proper color. The effect could scarcely have been more delicate, yet the color tones were full and strong.
In another window, the design of Mr, Will H. Low, the draperies of a seated figure were executed in a vivid blue. The sketch called for a rich purple, and any one passing through the studio at this stage of progress would have been inclined to resent the seeming liberties taken by the workmen. The artist's intentions evidently were only half carried out. But, while one stands pondering over the excessive amount of assurance possessed by people of a certain class, one of their number has quietly slipped a piece of ruby glass back of the draperies, and at once the vivid blue vanishes to give place to a magnificent purple as much finer than the artist's paper-color as the sunshine is better than gas-light.
In this plan of doubling the glass the colorist has in his possession a device of immense effectiveness. The entire color tone of a window can readily be-changed, even after it is completed and in place.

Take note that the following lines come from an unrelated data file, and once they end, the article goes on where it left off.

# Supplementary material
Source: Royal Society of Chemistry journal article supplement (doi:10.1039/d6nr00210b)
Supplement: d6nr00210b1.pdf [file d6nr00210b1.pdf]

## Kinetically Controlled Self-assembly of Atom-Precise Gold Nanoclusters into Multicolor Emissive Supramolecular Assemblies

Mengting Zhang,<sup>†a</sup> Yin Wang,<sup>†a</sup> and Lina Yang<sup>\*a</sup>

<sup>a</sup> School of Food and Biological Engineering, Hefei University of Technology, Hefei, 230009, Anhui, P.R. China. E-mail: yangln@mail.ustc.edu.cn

When the window is well under way, the preparation of the flesh portions of the picture begins. These are cut from white opalescent glass, and must be painted with no inconsiderable skill. In the early days of mosaic glass the painting was done almost in monochrome, a light reddish brown being a favorite tint. It had, however, the disadvantage of giving a statue-like sameness to all the figures. Had the taste continued, our windows would have become an assemblage of rather monotonous blonde types. But to-day there is great variety in this respect, and the painting of the face and other exposed portions of the figure is made to conform very strictly to the character of the whole picture. In ecclesiastical designs done in mediæval style, the painting is executed in a pinkish-brown monochrome on transparent antique glass. The effect is so very Elizabethan that it is hard to believe the work a modern product, unless one has seen it in process of evolution. For the saints and Madonnas of the early masters, the high cheek-bone and other characteristics of feature are reproduced with remarkable fidelity. But, while these products are highly interesting, they are in point of beauty far excelled by modern types. To the production of these nearly the whole range of mineral paint has contributed. One of the finest examples of the modern school of painting on glass is to be found in the face of "The Good Shepherd," in which nearly every possible color has been used. At a distance one is not conscious of any particular color, but is attracted by the intense life and love shown in the face. Rather bold expedients are often employed to secure these striking effects. In one face, whose eyes were more than usually expressive of life, the result was obtained by bands of bright green bordering both eyelids.